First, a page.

In the Mīmāṃsā system, Pārthasārathi Miśra recognizes two kinds of anaikāntika, viz.,

  1. savyabhicāra or irregular middle, and
  2. sapratisādhana or satpratipakṣa.

Kumārila calls sapratisādhana as viruddhāvyabhicārī. [2]

(a) “Sound is eternal, because it is incorporeal.” It involves savyabhicāra, because non-eternal motions are incorporeal. Therefore, incorporeality is an irregular reason. This fallacy is called sādhāraṇa or the common middle, because it is commonly found in the major and its absence.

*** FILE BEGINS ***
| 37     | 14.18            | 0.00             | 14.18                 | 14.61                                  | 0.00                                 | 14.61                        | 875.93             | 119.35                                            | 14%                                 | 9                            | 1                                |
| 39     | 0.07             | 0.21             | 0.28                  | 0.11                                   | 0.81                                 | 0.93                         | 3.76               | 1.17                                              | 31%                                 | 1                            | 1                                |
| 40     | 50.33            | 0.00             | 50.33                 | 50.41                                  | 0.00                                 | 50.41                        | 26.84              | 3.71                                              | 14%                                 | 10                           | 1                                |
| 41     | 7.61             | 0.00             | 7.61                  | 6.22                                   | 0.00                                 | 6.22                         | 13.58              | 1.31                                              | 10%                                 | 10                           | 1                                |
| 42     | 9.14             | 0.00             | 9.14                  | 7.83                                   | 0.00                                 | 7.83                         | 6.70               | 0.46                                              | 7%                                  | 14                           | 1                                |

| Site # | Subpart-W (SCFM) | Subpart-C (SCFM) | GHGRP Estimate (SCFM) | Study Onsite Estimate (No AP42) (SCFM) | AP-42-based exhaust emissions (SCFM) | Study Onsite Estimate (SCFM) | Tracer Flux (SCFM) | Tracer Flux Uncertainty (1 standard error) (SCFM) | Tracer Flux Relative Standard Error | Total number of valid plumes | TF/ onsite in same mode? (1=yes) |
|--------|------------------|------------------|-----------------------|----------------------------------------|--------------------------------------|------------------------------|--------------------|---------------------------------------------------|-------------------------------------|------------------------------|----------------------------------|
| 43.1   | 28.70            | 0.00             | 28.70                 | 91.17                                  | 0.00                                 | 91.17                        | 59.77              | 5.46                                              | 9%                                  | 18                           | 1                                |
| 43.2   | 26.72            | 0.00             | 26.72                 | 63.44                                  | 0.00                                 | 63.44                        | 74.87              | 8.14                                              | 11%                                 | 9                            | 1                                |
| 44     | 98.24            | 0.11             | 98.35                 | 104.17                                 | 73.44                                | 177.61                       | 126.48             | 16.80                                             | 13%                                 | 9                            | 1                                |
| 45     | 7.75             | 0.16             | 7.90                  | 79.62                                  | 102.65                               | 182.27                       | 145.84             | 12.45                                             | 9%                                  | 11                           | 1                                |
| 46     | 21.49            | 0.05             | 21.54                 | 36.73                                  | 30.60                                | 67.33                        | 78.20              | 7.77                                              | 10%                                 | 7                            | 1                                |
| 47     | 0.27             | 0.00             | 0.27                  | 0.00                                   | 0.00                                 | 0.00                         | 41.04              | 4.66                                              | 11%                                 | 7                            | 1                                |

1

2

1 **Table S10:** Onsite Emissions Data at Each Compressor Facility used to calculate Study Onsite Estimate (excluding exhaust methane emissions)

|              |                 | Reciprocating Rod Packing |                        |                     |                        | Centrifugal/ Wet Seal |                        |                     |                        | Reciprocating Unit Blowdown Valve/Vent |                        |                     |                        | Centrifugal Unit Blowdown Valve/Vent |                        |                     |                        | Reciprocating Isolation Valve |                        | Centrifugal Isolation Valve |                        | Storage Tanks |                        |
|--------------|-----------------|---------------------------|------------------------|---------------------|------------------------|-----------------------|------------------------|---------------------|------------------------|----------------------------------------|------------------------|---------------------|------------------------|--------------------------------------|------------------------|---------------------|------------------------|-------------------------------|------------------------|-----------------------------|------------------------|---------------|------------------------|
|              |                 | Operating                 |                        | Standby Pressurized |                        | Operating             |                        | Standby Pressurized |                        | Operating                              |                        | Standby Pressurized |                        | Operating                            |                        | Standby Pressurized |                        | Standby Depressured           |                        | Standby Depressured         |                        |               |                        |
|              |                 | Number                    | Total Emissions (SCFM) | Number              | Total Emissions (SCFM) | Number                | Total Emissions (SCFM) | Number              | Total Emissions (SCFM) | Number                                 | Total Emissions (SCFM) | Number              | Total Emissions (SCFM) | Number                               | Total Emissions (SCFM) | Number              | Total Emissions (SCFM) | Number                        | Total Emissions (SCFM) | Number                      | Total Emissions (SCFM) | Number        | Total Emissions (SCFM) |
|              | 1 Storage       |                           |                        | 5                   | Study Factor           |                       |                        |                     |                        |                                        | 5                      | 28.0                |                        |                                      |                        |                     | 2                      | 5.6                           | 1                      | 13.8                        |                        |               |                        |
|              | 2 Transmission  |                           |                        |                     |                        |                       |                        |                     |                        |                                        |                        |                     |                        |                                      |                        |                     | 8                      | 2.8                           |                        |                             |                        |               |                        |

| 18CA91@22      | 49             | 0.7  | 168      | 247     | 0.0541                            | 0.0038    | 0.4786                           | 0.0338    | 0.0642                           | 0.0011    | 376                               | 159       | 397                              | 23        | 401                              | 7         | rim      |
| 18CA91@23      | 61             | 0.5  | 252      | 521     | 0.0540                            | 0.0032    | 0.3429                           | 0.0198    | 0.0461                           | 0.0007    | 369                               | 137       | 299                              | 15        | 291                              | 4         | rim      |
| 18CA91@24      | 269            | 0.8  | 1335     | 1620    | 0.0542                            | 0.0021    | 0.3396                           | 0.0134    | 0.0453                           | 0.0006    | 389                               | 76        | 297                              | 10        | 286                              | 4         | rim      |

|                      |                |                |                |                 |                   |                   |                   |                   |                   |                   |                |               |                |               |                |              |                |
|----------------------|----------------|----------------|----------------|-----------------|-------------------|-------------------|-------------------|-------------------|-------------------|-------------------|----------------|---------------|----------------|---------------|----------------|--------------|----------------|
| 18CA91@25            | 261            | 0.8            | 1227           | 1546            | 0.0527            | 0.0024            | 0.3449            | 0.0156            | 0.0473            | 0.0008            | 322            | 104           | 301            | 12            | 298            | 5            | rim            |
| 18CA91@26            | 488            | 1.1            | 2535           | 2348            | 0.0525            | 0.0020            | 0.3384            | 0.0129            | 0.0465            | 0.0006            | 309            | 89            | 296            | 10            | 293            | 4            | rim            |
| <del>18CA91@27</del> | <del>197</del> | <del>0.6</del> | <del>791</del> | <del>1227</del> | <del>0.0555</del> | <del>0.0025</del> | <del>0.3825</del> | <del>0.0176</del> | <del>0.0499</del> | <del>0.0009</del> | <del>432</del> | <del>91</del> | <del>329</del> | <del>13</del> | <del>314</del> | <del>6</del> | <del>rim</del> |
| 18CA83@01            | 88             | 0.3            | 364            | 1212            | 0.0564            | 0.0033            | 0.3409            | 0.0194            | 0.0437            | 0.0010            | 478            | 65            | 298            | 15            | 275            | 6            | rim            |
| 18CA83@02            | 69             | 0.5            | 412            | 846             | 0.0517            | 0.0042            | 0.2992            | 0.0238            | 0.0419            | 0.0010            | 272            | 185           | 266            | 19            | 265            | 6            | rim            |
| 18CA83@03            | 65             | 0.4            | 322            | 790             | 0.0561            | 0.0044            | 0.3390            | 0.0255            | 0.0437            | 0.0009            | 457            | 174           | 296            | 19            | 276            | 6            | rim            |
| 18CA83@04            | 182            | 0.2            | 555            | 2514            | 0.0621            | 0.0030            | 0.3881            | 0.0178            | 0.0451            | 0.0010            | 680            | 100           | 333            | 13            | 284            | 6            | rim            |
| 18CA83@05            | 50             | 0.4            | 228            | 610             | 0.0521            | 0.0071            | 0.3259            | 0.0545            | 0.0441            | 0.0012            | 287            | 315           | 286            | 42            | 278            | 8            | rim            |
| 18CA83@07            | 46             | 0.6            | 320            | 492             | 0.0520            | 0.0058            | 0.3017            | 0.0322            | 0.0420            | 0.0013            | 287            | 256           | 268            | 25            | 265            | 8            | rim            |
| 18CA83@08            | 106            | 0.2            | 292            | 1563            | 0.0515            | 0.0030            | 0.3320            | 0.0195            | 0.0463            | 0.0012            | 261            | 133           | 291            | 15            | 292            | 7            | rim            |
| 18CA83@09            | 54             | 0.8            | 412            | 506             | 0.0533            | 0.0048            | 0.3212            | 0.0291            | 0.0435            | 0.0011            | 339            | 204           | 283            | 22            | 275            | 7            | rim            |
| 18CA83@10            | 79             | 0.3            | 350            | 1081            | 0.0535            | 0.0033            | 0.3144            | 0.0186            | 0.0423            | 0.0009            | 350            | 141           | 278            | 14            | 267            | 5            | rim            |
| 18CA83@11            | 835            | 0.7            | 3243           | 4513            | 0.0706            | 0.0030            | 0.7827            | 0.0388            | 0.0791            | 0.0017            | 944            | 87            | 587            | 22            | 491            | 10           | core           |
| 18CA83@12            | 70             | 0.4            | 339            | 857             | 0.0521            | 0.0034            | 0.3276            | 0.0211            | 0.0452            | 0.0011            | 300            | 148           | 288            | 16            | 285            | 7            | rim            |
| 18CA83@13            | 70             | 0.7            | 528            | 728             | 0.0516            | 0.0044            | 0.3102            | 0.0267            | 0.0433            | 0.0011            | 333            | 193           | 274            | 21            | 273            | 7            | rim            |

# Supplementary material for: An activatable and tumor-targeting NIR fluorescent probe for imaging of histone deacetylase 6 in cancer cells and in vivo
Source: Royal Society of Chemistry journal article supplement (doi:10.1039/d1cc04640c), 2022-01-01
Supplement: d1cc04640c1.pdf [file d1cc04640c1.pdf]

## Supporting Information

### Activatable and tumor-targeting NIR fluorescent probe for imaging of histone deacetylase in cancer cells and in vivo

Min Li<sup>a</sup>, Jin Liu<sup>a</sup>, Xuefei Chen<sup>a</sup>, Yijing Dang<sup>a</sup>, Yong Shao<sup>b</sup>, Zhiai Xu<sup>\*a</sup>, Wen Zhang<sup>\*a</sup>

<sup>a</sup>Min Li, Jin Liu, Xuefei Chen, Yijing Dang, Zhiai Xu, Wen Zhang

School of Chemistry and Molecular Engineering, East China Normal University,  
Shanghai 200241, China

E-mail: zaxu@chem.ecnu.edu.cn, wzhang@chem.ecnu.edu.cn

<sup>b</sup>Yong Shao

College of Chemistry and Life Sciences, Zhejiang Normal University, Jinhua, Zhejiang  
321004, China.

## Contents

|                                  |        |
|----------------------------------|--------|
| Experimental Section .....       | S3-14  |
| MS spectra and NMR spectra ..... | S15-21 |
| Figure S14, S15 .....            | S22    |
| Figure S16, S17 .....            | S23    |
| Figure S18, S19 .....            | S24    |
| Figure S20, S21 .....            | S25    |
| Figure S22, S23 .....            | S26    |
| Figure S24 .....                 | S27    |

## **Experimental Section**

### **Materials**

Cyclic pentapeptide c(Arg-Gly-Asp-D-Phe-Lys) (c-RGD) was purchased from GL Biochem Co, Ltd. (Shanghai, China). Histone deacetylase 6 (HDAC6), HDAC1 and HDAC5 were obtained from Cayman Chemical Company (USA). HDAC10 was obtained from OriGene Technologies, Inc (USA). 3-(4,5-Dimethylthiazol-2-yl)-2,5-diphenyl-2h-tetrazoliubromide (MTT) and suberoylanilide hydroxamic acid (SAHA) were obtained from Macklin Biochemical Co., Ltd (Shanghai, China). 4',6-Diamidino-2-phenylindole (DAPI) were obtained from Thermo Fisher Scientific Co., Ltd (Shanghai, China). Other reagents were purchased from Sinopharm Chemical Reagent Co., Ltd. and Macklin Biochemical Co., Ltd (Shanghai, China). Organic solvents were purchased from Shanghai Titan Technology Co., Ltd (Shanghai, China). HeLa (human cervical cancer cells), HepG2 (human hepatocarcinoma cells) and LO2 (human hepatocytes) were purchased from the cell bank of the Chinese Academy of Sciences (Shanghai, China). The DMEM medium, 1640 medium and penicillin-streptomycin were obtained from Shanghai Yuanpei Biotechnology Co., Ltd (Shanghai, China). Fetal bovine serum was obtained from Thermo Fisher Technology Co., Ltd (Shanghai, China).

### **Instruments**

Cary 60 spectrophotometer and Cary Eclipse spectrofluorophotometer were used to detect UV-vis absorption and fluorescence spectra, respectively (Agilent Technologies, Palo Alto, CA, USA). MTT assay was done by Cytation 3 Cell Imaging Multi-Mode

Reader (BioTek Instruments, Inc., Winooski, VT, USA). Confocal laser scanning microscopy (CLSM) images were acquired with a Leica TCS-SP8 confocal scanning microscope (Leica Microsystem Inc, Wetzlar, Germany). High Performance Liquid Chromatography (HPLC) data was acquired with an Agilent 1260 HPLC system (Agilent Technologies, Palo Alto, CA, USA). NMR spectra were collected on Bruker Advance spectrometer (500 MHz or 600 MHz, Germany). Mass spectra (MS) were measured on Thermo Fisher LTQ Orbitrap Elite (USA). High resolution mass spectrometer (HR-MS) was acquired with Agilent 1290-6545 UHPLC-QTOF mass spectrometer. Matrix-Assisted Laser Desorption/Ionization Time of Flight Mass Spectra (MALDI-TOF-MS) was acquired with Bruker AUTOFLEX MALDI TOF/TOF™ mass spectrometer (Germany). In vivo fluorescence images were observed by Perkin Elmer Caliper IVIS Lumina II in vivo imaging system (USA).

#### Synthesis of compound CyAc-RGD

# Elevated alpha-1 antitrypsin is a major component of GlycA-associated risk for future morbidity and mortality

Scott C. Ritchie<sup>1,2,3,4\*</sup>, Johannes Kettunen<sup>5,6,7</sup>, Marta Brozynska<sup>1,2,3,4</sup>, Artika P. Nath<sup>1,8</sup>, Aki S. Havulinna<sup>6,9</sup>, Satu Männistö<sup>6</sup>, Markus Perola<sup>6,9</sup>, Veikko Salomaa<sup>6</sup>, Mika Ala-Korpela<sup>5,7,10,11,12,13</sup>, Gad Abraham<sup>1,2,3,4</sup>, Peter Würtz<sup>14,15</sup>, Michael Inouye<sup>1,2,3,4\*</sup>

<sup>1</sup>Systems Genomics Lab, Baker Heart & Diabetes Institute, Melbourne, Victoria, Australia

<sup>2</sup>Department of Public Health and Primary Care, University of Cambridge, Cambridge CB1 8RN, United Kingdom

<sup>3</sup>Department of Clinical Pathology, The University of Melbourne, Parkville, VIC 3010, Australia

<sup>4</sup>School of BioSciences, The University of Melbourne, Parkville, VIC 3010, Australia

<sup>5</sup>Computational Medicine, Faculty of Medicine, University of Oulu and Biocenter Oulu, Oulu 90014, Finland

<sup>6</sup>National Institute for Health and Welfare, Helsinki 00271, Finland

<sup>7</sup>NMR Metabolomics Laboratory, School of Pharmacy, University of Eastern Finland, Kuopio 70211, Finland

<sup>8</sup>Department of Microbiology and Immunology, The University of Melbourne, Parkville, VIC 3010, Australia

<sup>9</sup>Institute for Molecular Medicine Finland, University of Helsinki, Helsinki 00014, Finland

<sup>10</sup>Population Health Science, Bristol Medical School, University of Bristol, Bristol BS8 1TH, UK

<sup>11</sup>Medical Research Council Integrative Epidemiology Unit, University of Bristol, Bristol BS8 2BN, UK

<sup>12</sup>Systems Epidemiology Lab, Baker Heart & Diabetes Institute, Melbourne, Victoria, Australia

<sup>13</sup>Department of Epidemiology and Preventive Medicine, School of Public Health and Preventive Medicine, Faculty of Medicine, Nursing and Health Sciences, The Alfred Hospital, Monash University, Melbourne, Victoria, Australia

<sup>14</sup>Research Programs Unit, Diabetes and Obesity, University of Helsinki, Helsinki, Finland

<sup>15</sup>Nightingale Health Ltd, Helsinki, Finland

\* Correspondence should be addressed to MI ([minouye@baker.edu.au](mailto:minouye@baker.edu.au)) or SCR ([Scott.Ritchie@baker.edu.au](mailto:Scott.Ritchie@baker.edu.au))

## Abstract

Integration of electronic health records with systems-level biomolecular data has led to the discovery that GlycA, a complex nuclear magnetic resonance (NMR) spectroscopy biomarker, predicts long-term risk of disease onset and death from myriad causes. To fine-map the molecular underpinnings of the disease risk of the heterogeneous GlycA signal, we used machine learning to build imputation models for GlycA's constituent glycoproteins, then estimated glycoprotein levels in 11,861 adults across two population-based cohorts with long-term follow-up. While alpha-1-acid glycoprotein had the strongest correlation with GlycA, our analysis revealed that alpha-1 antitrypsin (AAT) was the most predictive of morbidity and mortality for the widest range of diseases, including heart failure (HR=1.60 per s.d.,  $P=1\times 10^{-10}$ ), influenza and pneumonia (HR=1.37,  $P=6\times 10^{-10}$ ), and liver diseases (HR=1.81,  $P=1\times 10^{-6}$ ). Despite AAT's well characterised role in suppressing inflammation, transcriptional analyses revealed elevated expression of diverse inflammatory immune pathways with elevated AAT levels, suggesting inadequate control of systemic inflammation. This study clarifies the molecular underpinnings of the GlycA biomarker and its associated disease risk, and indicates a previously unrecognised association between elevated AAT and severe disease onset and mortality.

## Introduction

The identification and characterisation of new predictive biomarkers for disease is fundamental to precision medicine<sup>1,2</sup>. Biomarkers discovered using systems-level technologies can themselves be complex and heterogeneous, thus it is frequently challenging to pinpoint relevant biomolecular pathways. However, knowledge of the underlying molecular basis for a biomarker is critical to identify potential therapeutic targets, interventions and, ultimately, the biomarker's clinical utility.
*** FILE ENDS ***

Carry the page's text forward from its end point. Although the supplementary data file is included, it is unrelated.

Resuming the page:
(b) “Air is perceptible, because it is tangible, having a large dimention. Again, “air is imperceptible, because it is colourless, being a substance.” These two inferences involve the fallacy of sapratisādhana corresponding to the Naiyāyika’s satpratipakṣa. Here, there are two middle terms ‘tangibility’, and ‘being a substance without colour’ both leading to conflicting inferences. They are indecisive, because the comparative strength of both is not estimated here. Prabhākara rejects the second variety of anaikāntika, and gives his justification by stating that two contradictory middle terms cannot be equally powerful and cannot be predicated of the minor term simultaneously. Pārthasārathi Miśra answers to this objection by arguing that the occurrence of the cases of satpratisādhana are frequent and the doubt in such cases is removed by some stronger pramāṇa. That is to say that two equally powerful but contradictory middle terms cannot reside in the same pakṣa; but though one of them is really stronger than the other, yet it is not discovered at the time as to which one is stronger and which one weaker. Hence, doubt arises and continues until a decision is arrived at by appealing to a stronger pramāṇa later on.